Win a copy of Think Java: How to Think Like a Computer Scientist this week in the Java in General forum!
  • Post Reply
  • Bookmark Topic Watch Topic
  • New Topic

How to read Franch from ResourceBundle

 
Bruce Jin
Ranch Hand
Posts: 672
  • Mark post as helpful
  • send pies
  • Quote
  • Report post to moderator
I am working on a English language PC. I have a message_fr_FR.properties file and some franch entries:

user-is-disabled=utilisateur est désactivé

When I read it from Java code I get “utilisateur est désactivé”

The code looks like this:



Why?
Thanks
 
Bear Bibeault
Author and ninkuma
Marshal
Pie
Posts: 64824
86
IntelliJ IDE Java jQuery Mac Mac OS X
  • Mark post as helpful
  • send pies
  • Quote
  • Report post to moderator
Looks like a character set issue. Make sure everyone is talking UTF-8.
 
Bruce Jin
Ranch Hand
Posts: 672
  • Mark post as helpful
  • send pies
  • Quote
  • Report post to moderator
Thanks Bear.

How to Make sure everyone is talking UTF-8?

I know the property file is encoded UTF-8.

Thanks.
 
Bruce Jin
Ranch Hand
Posts: 672
  • Mark post as helpful
  • send pies
  • Quote
  • Report post to moderator
How to Make sure everyone is talking UTF-8?
Thanks!
 
Paul Clapham
Sheriff
Posts: 21107
32
Eclipse IDE Firefox Browser MySQL Database
  • Mark post as helpful
  • send pies
  • Quote
  • Report post to moderator
Looks to me like something is encoded in UTF-8 but actually read in some other encoding.

You said your properties file is encoded in UTF-8. However properties files are assumed to be encoded in ISO-8859-1 (as the API documentation states).

Which confirms my impression.
 
Bruce Jin
Ranch Hand
Posts: 672
  • Mark post as helpful
  • send pies
  • Quote
  • Report post to moderator
Paul Clapham wrote:Looks to me like something is encoded in UTF-8 but actually read in some other encoding.


Yes. The question is how to actually read in UTF-8?

Thanks!
 
Paul Clapham
Sheriff
Posts: 21107
32
Eclipse IDE Firefox Browser MySQL Database
  • Mark post as helpful
  • send pies
  • Quote
  • Report post to moderator
No, that isn't the question. Or that's only one of the possible questions.

The answer to one possible question is to follow the rules and use ISO-8859-1 as the encoding for your properties file. Note that it's possible to do that for French text without having to mess about with Unicode escapes.

The answer to that question might be to not use ResourceBundle, which I expect follows the existing rules for properties files, and to use various Java 6 features which allow you to specify the charset while reading a properties file in your own substitute for ResourceBundle. Or it might be to use an XML-formatted properties file, for which the charset does default to UTF-8, if a ResourceBundle could use that.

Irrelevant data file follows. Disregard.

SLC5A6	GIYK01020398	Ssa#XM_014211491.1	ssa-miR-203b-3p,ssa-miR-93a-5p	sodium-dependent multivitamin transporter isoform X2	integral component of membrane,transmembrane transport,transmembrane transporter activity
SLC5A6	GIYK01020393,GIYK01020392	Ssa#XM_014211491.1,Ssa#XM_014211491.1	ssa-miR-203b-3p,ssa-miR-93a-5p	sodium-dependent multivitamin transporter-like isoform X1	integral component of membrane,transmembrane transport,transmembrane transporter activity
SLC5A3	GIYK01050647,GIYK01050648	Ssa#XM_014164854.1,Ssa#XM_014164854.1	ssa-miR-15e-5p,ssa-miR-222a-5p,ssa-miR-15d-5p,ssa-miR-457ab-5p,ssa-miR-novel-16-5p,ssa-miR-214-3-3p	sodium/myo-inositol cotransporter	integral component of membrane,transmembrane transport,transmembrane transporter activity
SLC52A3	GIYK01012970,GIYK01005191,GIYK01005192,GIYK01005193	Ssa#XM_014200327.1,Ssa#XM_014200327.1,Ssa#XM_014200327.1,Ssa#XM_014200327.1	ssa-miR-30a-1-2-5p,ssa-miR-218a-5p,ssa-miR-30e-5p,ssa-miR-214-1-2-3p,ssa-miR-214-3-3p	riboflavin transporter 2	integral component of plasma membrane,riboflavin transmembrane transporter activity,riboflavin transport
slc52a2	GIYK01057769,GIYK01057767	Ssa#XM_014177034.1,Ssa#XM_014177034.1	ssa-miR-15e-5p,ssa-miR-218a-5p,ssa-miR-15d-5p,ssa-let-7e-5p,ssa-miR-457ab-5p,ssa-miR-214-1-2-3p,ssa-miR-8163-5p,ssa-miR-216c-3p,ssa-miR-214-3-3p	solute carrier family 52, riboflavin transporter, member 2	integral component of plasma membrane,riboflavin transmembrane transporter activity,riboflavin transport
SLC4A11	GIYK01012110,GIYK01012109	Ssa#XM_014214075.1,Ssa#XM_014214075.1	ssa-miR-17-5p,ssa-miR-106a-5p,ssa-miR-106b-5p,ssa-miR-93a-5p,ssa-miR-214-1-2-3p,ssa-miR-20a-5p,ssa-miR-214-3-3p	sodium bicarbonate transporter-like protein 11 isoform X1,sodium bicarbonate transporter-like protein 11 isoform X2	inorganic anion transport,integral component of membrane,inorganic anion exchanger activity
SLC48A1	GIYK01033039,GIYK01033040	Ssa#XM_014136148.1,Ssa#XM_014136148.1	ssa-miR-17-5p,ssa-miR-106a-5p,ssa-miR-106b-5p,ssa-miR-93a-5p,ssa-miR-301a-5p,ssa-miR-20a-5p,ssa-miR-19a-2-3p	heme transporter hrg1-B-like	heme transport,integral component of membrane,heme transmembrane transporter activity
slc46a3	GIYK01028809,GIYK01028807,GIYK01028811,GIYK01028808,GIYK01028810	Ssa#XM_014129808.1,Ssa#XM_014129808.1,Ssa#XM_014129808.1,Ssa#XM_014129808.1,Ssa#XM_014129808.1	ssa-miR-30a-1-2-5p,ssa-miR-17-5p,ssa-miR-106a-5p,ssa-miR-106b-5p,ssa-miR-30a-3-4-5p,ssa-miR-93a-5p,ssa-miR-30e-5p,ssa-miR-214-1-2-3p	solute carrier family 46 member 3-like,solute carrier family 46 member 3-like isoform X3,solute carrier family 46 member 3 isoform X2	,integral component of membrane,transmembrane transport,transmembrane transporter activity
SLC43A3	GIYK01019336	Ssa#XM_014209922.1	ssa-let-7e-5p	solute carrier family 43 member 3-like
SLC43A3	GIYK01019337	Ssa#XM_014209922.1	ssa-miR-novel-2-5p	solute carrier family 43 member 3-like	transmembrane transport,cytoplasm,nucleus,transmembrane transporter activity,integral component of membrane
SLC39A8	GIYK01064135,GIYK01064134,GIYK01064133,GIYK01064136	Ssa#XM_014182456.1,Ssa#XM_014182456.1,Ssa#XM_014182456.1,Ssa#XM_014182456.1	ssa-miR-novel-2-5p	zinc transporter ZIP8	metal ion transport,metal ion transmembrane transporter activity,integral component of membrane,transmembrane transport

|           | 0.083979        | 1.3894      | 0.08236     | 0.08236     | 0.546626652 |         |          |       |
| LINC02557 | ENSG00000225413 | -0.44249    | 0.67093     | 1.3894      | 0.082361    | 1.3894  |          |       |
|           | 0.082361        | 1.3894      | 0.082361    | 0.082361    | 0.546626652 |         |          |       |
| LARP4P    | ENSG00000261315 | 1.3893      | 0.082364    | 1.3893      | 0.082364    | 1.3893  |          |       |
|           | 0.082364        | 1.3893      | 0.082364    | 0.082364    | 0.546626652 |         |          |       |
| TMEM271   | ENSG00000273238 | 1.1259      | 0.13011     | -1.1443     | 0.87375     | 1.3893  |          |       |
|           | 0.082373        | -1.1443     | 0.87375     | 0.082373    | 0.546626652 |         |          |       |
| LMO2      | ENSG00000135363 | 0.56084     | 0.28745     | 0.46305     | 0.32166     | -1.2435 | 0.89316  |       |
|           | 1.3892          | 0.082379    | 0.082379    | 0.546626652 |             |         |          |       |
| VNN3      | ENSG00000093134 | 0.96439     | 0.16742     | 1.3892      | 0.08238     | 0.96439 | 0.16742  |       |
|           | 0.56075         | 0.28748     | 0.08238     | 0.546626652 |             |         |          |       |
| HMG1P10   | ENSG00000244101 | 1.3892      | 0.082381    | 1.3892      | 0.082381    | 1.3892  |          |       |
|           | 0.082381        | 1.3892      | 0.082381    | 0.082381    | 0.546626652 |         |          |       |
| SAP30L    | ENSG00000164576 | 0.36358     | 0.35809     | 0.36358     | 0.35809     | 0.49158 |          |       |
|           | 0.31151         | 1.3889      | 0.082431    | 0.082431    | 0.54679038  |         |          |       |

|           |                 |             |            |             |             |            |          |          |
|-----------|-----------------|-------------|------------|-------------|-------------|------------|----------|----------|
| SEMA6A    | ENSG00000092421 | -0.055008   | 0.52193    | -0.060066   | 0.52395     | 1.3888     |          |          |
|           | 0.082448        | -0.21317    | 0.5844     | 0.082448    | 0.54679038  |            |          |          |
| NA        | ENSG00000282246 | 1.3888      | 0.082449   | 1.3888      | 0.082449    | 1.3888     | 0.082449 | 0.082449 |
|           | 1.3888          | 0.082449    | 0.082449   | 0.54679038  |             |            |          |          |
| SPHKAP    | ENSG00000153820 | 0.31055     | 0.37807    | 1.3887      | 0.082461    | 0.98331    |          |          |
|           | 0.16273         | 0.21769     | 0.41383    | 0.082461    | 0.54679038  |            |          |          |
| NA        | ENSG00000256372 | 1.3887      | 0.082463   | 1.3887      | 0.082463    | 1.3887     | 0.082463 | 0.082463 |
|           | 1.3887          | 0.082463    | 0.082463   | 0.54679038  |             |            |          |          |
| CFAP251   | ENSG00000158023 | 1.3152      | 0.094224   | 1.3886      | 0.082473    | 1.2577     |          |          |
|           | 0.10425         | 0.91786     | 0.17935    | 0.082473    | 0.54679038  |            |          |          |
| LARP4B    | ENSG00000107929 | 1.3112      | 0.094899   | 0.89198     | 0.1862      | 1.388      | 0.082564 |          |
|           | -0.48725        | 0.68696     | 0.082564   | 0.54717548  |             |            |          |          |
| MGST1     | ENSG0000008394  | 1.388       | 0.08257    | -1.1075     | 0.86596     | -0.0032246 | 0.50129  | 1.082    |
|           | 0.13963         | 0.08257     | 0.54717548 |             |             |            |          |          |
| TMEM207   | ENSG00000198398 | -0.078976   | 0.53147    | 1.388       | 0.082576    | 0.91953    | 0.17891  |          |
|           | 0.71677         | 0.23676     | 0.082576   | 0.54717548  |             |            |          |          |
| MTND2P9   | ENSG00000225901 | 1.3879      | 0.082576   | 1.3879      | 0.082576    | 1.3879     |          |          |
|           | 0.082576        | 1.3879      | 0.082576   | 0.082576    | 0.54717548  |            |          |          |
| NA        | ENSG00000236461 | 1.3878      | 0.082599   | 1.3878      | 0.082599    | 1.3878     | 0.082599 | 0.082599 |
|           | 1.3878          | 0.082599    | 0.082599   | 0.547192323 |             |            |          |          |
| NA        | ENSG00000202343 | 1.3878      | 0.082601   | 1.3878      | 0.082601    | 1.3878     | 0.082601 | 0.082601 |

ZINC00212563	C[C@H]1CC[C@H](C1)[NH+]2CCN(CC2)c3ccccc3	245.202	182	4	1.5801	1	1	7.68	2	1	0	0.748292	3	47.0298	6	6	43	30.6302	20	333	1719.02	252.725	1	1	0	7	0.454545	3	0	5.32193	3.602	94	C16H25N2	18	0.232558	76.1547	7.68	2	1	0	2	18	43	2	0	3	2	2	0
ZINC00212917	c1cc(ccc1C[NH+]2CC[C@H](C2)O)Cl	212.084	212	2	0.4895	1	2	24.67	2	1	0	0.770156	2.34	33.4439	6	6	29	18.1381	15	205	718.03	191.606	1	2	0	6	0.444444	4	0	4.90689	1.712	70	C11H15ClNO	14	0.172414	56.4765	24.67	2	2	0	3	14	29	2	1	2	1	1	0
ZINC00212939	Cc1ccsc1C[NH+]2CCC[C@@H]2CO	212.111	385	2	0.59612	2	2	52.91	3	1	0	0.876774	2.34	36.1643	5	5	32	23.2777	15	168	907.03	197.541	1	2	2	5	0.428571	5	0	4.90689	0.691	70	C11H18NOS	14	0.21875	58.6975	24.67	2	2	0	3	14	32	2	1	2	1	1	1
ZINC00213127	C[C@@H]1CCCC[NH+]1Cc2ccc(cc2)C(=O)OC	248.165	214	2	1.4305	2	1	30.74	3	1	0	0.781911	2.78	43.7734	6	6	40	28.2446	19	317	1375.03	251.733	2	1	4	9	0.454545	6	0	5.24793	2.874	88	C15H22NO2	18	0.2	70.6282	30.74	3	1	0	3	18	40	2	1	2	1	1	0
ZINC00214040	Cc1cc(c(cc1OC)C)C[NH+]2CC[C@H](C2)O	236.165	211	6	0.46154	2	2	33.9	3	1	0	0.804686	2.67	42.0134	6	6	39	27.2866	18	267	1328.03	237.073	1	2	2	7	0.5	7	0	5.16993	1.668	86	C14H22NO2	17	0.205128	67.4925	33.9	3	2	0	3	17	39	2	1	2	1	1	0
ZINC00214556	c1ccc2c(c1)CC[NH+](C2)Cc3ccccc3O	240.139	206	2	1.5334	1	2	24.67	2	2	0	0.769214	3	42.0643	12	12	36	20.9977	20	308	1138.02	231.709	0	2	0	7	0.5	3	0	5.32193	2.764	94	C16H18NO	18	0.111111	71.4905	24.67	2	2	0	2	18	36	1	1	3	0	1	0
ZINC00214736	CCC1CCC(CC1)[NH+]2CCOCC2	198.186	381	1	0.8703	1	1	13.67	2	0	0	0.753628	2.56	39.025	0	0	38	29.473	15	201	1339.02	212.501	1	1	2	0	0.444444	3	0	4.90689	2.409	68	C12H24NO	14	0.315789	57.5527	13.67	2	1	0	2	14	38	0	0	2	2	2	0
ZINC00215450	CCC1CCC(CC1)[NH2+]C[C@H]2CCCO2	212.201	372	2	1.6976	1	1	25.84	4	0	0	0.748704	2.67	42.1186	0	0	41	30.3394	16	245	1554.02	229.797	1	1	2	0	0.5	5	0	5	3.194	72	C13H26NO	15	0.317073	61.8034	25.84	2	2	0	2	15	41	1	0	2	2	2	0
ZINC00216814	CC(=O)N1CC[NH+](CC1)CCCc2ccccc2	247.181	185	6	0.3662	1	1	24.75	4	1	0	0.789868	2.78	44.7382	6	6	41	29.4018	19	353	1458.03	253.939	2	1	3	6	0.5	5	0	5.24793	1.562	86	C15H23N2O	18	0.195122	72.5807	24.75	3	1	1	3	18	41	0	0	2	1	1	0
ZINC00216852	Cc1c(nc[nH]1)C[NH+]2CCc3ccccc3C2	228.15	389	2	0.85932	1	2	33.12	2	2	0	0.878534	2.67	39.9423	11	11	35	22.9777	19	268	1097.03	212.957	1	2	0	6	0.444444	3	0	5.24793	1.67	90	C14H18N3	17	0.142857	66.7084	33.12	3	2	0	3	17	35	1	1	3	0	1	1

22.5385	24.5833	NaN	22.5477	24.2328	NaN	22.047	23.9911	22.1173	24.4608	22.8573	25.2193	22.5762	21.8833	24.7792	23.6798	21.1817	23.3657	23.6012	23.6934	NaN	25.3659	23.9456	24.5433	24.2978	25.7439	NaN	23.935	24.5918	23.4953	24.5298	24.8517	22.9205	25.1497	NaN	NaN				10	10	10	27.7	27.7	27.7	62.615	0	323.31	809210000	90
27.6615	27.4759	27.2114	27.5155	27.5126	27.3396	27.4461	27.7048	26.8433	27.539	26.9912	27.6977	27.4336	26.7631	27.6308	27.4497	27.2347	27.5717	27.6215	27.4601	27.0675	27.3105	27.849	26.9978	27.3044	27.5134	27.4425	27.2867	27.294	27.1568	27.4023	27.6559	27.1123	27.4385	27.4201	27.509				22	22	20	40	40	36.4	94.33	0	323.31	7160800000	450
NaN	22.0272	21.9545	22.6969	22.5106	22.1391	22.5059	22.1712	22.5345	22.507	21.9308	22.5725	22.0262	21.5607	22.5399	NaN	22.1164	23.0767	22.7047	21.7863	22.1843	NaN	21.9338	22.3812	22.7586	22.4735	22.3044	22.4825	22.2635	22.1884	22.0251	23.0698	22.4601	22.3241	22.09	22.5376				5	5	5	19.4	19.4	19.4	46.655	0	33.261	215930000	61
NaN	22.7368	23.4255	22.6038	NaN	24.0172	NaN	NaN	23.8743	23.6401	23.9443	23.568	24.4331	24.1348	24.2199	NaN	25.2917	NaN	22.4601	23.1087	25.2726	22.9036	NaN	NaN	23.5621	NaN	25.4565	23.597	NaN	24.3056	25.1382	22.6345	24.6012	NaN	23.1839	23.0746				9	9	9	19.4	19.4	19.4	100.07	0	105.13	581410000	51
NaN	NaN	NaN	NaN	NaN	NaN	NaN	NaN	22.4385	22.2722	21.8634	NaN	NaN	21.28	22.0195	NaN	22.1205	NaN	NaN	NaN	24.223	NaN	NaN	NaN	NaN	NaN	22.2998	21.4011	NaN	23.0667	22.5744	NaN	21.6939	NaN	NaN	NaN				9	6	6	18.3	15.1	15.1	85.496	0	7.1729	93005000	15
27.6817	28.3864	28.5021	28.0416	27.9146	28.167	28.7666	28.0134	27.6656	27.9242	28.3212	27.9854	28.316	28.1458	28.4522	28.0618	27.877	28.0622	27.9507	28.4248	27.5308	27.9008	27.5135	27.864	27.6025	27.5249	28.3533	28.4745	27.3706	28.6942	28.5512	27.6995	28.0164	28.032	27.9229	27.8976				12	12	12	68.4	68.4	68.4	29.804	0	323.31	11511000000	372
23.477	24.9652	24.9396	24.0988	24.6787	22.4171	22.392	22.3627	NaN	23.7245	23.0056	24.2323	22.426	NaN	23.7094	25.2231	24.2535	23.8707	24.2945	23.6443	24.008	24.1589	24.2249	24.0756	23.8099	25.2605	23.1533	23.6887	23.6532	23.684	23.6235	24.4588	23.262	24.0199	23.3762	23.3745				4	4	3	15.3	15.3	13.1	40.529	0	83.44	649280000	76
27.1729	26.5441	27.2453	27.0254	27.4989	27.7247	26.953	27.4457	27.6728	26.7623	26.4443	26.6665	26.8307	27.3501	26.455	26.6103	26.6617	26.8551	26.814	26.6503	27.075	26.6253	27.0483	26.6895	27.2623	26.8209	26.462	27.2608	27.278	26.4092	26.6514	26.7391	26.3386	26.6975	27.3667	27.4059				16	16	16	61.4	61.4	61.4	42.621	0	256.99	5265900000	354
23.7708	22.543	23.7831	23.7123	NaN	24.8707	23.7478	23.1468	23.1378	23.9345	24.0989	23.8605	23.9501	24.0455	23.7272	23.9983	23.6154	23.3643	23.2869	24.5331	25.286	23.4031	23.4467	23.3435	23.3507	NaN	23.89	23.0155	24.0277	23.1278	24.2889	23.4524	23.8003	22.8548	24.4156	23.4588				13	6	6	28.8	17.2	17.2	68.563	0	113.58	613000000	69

Bruce Jin
Ranch Hand
Posts: 672
  • Mark post as helpful
  • send pies
  • Quote
  • Report post to moderator
For now I use a ResourceBundle.Control to solve to problem.
Thanks.
 
Paul Clapham
Sheriff
Posts: 21107
32
Eclipse IDE Firefox Browser MySQL Database
  • Mark post as helpful
  • send pies
  • Quote
  • Report post to moderator
Aha! A real solution! Would you care to post some details about it? I'm sure you aren't the only one burned by Sun's short-sighted decision to force the use of ISO-8859-1.
 
Bruce Jin
Ranch Hand
Posts: 672
  • Mark post as helpful
  • send pies
  • Quote
  • Report post to moderator
This is the Control class:
Thanks.

 
Rob Spoor
Sheriff
Pie
Posts: 20526
54
Chrome Eclipse IDE Java Windows
  • Mark post as helpful
  • send pies
  • Quote
  • Report post to moderator
It's definitely an encoding issue. I just wrote a little test program; if the properties file is encoded using ANSI I get the expected output, but if I save it using UTF-8 I get the mess you got. I also get the same results if I use java.util.Properties with a FileReader with the system encoding. Only if I switch that do I get the actual content.

So that's what we need to do for ResourceBundle as well. ResourceBundle itself doesn't have any methods / constructors to help us with, so we have to go to ResourceBundle.Control. I've checked the source (available in src.zip inside the JDK folder), and it uses a PropertyResourceBundle combined with an InputStream. And guess what - this uses Properties.load with an InputStream, thereby getting the same problem as I got with a direct Properties object.

The solution is obvious - create a new ResourceBundle.Control subclass, and override newBundle to use a Reader instead of an InputStream. The following is my quick (but tested and working) attempt:
I'm actually disappointed that Sun/Oracle haven't provided such a class themselves.
 
Rob Spoor
Sheriff
Pie
Posts: 20526
54
Chrome Eclipse IDE Java Windows
  • Mark post as helpful
  • send pies
  • Quote
  • Report post to moderator
Wow, I've spent half an hour testing with the default control, getting to the cause, writing the class, testing it and posting it...
 
  • Post Reply
  • Bookmark Topic Watch Topic
  • New Topic